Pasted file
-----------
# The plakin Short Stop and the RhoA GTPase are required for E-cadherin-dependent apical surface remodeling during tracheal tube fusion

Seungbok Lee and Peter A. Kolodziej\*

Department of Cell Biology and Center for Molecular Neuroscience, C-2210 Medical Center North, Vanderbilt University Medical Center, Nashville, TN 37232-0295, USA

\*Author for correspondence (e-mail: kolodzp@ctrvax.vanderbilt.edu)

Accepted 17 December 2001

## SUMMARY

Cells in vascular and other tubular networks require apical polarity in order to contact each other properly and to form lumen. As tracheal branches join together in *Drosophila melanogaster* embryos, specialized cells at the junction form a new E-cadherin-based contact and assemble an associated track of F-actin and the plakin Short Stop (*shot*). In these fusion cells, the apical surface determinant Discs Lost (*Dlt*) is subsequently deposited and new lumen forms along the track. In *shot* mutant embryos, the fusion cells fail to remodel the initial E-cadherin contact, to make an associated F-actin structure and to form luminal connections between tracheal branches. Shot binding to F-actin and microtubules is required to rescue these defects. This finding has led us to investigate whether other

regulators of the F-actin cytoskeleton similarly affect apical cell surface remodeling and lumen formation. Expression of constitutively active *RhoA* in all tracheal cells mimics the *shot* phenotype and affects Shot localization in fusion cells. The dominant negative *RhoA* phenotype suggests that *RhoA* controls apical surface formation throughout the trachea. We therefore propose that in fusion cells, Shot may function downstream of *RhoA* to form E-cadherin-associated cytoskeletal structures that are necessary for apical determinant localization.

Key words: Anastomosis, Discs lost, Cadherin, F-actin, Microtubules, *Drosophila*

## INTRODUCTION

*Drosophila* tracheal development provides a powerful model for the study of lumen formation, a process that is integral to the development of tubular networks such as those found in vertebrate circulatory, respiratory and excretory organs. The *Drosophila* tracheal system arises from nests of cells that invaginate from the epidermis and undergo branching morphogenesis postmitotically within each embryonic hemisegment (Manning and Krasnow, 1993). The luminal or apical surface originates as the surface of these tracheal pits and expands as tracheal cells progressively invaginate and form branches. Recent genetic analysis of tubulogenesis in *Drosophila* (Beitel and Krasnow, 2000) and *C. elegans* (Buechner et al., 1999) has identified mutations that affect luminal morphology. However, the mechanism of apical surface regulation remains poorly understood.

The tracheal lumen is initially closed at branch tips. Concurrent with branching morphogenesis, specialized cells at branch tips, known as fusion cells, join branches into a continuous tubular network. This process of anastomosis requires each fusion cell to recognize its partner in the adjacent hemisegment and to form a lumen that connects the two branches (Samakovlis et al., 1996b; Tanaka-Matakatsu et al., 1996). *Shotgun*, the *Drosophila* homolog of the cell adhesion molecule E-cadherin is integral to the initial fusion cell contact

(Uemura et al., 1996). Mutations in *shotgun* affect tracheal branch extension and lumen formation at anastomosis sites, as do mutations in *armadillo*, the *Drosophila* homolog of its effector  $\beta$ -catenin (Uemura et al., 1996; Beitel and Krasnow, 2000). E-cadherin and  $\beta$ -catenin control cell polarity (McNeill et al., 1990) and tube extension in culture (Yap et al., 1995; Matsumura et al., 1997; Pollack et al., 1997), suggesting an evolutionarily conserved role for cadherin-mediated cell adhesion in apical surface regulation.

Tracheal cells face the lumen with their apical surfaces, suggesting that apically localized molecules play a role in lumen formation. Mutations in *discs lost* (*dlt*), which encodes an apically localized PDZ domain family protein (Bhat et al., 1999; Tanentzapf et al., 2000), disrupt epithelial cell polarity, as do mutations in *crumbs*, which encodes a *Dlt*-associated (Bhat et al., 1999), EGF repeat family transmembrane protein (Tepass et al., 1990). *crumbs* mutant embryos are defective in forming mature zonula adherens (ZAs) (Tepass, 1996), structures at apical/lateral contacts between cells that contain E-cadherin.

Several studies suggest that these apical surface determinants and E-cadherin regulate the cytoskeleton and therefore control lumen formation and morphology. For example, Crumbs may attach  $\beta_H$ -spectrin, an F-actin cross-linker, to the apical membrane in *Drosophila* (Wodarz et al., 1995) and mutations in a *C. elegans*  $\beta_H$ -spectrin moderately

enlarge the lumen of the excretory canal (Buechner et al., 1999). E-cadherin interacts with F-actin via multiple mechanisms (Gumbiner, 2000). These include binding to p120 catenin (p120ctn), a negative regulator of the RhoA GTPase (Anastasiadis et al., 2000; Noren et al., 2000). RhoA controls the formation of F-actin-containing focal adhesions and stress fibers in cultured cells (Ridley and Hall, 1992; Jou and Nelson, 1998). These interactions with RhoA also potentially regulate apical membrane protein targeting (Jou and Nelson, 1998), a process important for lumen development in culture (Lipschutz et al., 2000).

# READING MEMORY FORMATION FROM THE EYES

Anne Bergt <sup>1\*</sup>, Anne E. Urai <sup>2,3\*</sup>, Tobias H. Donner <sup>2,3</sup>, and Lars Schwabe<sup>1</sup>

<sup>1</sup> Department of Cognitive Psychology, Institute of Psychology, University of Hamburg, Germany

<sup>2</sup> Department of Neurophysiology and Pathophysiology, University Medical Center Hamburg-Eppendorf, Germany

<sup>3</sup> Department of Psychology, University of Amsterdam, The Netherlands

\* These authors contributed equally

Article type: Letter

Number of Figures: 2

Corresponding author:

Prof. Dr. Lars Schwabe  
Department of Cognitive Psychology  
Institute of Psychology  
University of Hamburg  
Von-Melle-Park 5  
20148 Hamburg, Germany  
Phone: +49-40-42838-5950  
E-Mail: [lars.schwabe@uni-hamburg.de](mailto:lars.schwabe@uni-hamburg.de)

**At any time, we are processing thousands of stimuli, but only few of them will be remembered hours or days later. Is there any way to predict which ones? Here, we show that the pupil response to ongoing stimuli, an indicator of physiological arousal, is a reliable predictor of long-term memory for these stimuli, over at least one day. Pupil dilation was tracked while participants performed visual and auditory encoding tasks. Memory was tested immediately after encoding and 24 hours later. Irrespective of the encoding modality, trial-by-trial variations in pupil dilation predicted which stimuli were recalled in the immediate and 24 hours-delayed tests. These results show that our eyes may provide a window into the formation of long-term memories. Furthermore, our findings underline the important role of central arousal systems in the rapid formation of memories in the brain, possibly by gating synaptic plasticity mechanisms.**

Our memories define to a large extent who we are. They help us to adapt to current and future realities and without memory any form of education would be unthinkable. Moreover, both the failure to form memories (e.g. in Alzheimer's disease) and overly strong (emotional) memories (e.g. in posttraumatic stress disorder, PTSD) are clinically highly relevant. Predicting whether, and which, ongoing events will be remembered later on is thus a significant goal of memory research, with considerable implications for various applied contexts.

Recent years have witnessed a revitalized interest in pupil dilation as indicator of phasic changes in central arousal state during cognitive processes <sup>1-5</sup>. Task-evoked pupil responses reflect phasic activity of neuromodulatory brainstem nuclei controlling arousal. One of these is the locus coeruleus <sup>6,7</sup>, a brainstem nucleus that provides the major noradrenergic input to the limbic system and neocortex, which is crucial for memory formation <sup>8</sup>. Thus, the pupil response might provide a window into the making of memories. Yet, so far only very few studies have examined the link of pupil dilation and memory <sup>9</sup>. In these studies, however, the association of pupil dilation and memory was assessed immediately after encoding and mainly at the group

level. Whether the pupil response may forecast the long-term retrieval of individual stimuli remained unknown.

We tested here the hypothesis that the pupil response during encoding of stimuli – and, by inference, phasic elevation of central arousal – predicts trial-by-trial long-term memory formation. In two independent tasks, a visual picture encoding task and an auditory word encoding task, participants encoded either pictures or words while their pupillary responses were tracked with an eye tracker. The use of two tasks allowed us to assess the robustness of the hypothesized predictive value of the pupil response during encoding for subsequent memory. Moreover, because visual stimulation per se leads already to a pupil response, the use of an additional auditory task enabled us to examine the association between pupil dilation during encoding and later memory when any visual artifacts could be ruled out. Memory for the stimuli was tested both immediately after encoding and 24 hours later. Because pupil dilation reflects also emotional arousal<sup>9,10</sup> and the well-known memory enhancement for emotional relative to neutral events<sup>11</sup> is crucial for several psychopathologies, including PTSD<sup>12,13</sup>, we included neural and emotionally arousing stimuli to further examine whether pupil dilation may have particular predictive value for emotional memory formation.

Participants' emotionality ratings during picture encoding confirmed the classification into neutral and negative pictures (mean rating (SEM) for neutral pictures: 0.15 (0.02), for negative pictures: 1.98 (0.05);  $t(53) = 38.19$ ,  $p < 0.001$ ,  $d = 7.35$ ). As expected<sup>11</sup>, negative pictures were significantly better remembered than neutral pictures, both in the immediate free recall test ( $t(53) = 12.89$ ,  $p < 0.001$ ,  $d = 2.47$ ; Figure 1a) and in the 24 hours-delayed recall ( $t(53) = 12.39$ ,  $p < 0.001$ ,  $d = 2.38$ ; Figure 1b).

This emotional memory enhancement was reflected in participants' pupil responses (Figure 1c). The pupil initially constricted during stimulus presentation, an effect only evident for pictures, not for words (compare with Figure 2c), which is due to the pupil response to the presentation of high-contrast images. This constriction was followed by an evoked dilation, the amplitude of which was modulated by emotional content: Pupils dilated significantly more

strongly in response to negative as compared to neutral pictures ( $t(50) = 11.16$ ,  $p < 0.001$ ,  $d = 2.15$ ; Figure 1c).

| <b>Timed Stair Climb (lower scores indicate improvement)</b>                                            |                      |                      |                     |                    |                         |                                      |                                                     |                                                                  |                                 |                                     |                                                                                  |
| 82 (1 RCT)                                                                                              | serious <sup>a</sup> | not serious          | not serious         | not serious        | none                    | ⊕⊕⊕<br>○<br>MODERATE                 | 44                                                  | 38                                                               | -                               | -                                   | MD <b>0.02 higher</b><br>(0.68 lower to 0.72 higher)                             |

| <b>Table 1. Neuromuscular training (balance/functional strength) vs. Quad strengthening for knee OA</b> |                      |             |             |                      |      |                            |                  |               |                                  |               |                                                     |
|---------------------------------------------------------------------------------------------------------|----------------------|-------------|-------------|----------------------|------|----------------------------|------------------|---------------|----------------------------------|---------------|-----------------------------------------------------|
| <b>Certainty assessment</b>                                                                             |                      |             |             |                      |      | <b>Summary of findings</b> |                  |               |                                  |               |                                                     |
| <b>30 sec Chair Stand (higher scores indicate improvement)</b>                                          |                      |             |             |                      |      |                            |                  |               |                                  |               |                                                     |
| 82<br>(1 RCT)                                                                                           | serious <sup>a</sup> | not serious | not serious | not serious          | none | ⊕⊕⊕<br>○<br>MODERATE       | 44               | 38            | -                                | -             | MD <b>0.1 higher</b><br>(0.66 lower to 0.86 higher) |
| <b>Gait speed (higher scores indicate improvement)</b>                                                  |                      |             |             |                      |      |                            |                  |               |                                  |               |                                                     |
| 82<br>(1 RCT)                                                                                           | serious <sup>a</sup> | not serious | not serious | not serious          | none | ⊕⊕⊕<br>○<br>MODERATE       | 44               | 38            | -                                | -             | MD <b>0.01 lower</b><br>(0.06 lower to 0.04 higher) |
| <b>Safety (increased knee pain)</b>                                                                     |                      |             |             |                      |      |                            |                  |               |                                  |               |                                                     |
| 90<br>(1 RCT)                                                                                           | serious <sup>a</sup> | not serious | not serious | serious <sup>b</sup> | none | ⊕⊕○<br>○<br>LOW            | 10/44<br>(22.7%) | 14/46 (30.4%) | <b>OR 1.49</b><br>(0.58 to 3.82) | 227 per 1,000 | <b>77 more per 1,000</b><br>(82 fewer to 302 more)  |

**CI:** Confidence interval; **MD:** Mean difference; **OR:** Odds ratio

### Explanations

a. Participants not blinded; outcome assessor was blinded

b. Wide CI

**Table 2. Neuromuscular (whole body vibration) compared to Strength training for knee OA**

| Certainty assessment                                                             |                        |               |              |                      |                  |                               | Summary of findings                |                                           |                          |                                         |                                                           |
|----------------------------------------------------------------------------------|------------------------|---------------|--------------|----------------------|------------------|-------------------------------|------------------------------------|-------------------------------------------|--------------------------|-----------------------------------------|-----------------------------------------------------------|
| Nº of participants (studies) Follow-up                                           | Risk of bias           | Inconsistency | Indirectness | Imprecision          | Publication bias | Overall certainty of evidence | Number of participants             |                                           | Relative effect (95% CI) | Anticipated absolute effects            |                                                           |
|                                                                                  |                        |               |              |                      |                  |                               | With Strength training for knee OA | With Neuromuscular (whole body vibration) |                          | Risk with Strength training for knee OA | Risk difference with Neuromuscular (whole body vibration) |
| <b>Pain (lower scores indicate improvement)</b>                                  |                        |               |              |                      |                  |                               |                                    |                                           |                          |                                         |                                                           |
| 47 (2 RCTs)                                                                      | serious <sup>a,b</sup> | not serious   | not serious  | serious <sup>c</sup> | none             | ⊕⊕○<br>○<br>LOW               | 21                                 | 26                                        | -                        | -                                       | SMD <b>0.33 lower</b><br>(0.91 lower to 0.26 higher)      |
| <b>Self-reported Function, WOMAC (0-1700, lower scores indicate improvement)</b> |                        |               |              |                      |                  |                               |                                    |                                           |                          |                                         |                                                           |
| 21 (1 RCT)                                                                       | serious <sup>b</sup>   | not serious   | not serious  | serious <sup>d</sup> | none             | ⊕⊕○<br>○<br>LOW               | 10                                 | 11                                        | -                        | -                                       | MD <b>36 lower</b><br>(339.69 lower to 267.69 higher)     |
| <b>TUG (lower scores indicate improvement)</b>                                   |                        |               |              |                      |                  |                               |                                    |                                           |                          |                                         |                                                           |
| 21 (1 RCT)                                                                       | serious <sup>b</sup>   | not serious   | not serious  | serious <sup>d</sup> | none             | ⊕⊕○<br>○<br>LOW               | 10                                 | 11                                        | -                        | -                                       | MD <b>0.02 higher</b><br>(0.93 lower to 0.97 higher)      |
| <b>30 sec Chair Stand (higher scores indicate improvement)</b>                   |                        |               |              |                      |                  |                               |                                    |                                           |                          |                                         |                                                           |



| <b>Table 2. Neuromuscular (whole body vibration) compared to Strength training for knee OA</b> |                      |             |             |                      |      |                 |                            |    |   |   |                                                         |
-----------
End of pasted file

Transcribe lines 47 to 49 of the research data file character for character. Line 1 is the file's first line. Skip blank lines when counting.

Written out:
| <b>30 sec Chair Stand (higher scores indicate improvement)</b>                                          |                      |             |             |                      |      |                            |                  |               |                                  |               |                                                     |
| 82<br>(1 RCT)                                                                                           | serious <sup>a</sup> | not serious | not serious | not serious          | none | ⊕⊕⊕<br>○<br>MODERATE       | 44               | 38            | -                                | -             | MD <b>0.1 higher</b><br>(0.66 lower to 0.86 higher) |
| <b>Gait speed (higher scores indicate improvement)</b>                                                  |                      |             |             |                      |      |                            |                  |               |                                  |               |                                                     |